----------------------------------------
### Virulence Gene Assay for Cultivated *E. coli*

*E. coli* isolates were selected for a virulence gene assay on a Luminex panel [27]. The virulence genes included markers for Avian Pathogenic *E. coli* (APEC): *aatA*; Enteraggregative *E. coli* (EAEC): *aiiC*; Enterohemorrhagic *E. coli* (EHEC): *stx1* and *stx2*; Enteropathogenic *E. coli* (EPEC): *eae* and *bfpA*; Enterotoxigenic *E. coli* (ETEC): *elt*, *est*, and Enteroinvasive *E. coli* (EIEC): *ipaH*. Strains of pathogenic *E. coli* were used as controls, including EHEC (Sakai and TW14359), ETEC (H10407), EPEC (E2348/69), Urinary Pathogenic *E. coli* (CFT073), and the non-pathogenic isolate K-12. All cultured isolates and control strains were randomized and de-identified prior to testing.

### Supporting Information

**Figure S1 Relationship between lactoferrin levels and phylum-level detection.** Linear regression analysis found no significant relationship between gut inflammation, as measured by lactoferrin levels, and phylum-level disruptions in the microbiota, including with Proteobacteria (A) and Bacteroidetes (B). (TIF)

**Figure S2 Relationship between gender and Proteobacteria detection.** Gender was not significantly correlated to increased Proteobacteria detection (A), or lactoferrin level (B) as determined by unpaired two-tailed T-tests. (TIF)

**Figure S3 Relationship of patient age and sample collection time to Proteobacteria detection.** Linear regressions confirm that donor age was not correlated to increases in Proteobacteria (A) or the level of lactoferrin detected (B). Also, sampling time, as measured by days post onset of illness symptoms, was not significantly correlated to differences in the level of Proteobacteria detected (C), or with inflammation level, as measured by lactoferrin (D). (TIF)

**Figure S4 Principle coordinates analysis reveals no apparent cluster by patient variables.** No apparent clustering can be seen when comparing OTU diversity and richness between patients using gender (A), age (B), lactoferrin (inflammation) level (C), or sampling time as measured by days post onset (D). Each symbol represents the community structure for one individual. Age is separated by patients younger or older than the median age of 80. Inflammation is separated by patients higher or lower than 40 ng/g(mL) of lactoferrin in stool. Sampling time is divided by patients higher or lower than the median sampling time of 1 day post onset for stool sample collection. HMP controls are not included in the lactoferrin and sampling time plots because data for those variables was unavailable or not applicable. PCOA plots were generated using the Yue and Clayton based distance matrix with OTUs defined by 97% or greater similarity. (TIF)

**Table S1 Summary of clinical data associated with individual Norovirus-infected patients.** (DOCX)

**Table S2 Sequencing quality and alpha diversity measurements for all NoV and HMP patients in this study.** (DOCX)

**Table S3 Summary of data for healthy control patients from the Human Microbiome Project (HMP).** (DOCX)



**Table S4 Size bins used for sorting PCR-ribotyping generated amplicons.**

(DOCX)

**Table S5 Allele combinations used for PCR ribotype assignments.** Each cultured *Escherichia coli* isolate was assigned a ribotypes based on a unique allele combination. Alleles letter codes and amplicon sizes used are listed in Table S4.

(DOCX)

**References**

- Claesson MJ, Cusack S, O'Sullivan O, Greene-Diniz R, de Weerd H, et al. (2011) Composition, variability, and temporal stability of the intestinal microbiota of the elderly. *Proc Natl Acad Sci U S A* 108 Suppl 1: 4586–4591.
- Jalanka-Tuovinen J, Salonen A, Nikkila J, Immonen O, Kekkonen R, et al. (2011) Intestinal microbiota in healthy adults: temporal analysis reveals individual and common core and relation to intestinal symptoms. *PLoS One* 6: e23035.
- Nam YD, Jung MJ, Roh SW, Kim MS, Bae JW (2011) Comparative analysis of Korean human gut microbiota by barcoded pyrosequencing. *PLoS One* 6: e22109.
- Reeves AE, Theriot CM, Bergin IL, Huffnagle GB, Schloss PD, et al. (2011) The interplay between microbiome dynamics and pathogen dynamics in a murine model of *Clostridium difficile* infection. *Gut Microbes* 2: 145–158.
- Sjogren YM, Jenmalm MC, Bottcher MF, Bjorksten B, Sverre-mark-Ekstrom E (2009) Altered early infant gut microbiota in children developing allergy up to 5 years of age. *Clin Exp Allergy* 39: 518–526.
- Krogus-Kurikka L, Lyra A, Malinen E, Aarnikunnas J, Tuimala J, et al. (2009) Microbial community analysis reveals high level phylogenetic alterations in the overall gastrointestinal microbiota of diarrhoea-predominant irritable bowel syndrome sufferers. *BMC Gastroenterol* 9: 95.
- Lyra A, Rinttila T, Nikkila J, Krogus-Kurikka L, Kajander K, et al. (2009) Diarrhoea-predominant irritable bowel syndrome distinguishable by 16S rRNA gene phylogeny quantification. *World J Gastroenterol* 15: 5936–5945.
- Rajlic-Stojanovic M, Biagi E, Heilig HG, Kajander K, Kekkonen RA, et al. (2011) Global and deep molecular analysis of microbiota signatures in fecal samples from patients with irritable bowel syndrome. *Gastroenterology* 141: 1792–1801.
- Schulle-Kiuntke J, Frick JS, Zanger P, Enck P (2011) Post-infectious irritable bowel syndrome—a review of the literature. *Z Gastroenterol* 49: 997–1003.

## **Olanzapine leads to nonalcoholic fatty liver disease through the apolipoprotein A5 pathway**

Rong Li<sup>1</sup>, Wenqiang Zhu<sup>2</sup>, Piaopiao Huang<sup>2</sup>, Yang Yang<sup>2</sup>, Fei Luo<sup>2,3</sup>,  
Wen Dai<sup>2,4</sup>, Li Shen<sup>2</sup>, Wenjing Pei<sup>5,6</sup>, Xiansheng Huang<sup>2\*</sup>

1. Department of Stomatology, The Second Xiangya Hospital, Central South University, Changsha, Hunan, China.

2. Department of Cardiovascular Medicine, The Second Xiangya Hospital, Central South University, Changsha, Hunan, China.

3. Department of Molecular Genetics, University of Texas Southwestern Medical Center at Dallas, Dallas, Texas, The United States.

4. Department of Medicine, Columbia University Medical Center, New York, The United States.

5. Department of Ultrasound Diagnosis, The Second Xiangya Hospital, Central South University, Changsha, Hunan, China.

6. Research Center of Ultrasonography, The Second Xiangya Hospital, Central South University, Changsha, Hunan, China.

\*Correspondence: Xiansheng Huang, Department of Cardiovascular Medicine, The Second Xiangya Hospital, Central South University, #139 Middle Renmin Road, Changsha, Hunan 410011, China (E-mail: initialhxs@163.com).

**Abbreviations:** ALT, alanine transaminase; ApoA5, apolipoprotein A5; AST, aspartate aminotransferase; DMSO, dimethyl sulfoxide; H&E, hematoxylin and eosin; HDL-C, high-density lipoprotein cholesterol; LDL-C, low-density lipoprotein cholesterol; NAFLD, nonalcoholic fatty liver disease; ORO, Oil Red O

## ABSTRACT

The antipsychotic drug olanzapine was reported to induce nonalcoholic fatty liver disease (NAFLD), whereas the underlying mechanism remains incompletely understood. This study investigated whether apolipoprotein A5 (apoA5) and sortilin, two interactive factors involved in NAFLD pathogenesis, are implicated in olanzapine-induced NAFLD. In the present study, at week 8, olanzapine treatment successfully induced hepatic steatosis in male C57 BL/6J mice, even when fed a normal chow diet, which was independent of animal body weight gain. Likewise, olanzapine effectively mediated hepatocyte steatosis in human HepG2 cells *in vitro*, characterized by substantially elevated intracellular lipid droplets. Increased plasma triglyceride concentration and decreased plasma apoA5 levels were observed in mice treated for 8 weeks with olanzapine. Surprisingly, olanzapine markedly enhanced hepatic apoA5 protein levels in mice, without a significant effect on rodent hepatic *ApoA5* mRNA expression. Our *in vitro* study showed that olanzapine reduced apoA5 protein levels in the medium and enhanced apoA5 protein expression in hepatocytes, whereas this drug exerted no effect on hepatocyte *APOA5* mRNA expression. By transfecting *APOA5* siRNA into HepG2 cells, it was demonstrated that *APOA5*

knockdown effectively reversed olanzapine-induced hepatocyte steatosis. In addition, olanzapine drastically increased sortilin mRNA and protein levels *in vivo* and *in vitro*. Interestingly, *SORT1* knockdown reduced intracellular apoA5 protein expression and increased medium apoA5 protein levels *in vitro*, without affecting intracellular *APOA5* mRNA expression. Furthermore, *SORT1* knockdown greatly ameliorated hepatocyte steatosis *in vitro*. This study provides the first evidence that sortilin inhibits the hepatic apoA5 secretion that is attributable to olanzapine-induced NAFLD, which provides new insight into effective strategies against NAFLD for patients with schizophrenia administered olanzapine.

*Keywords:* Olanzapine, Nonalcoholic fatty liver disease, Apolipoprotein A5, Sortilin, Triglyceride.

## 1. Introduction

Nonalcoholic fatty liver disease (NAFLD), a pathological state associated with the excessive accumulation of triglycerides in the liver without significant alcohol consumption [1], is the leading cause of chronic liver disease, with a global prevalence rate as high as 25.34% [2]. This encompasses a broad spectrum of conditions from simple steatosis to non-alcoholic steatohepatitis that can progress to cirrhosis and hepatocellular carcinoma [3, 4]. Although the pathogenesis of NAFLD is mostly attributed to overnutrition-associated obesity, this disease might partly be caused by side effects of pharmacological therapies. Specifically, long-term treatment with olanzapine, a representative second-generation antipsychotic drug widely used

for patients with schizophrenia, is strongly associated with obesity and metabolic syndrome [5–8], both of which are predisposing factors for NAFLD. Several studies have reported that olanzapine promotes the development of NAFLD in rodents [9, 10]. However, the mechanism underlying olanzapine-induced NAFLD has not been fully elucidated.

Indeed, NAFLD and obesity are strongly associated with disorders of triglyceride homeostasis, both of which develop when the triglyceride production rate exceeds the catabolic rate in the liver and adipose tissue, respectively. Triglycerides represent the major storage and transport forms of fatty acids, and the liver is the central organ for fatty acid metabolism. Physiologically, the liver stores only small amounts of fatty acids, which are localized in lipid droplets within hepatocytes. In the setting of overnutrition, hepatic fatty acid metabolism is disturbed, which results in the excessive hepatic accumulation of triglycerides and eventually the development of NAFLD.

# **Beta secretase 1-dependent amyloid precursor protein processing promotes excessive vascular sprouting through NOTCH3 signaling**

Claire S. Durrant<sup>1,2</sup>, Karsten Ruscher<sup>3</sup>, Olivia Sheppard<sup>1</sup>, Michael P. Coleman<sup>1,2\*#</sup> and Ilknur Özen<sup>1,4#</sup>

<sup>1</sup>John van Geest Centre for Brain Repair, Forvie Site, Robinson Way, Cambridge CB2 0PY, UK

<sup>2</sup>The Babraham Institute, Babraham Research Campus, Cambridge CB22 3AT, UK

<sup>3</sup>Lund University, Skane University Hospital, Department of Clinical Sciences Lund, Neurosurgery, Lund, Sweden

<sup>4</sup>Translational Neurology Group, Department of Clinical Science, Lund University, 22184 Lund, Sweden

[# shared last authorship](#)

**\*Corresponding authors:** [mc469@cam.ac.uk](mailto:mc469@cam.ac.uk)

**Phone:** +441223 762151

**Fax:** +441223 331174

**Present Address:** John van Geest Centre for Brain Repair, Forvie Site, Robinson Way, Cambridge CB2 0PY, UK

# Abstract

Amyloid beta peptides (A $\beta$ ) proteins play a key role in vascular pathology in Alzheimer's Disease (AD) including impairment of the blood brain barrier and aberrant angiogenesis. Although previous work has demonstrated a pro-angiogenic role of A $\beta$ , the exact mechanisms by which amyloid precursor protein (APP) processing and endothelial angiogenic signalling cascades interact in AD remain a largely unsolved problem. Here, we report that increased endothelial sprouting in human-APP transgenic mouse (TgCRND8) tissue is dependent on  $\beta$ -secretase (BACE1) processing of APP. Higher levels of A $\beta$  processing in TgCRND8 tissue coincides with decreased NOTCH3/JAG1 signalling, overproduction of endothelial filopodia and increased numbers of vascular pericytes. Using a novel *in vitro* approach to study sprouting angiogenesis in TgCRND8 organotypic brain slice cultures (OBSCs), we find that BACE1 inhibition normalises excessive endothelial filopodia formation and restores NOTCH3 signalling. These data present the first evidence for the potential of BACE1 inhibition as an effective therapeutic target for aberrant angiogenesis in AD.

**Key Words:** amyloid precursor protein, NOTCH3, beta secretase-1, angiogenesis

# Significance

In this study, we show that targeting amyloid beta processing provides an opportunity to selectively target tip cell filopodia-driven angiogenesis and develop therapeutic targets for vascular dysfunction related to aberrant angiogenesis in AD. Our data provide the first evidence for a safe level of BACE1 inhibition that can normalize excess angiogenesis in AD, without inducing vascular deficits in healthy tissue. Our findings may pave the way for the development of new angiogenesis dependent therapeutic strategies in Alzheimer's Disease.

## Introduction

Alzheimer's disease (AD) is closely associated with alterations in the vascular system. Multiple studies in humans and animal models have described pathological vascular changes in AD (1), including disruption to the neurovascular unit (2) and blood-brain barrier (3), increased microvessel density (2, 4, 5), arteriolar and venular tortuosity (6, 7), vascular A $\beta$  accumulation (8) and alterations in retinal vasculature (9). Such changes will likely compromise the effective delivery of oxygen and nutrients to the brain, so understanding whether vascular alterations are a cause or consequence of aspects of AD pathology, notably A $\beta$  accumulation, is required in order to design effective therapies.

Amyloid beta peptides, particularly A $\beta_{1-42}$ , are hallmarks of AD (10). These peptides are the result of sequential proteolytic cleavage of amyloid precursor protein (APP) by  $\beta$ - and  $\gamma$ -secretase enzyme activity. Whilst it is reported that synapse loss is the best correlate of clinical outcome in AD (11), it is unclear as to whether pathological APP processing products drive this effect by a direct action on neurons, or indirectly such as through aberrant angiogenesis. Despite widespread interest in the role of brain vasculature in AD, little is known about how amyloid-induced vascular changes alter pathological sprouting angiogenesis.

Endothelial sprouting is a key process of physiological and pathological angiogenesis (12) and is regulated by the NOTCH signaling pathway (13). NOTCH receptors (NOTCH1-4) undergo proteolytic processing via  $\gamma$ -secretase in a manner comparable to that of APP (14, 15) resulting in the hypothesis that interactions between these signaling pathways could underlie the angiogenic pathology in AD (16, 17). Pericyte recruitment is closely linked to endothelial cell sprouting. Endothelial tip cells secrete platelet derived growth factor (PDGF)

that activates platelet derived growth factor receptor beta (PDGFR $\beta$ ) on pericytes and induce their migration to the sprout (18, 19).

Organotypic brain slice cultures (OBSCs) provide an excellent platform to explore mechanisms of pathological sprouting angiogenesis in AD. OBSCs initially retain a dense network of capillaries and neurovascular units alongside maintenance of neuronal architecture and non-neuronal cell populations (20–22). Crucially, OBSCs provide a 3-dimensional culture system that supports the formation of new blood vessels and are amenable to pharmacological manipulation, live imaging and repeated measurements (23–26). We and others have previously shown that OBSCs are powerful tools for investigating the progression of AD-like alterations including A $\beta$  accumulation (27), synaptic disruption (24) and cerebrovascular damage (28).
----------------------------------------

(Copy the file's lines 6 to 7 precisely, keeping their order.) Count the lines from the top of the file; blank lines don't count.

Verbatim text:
**Figure S3 Relationship of patient age and sample collection time to Proteobacteria detection.** Linear regressions confirm that donor age was not correlated to increases in Proteobacteria (A) or the level of lactoferrin detected (B). Also, sampling time, as measured by days post onset of illness symptoms, was not significantly correlated to differences in the level of Proteobacteria detected (C), or with inflammation level, as measured by lactoferrin (D). (TIF)

**Figure S4 Principle coordinates analysis reveals no apparent cluster by patient variables.** No apparent clustering can be seen when comparing OTU diversity and richness between patients using gender (A), age (B), lactoferrin (inflammation) level (C), or sampling time as measured by days post onset (D). Each symbol represents the community structure for one individual. Age is separated by patients younger or older than the median age of 80. Inflammation is separated by patients higher or lower than 40 ng/g(mL) of lactoferrin in stool. Sampling time is divided by patients higher or lower than the median sampling time of 1 day post onset for stool sample collection. HMP controls are not included in the lactoferrin and sampling time plots because data for those variables was unavailable or not applicable. PCOA plots were generated using the Yue and Clayton based distance matrix with OTUs defined by 97% or greater similarity. (TIF)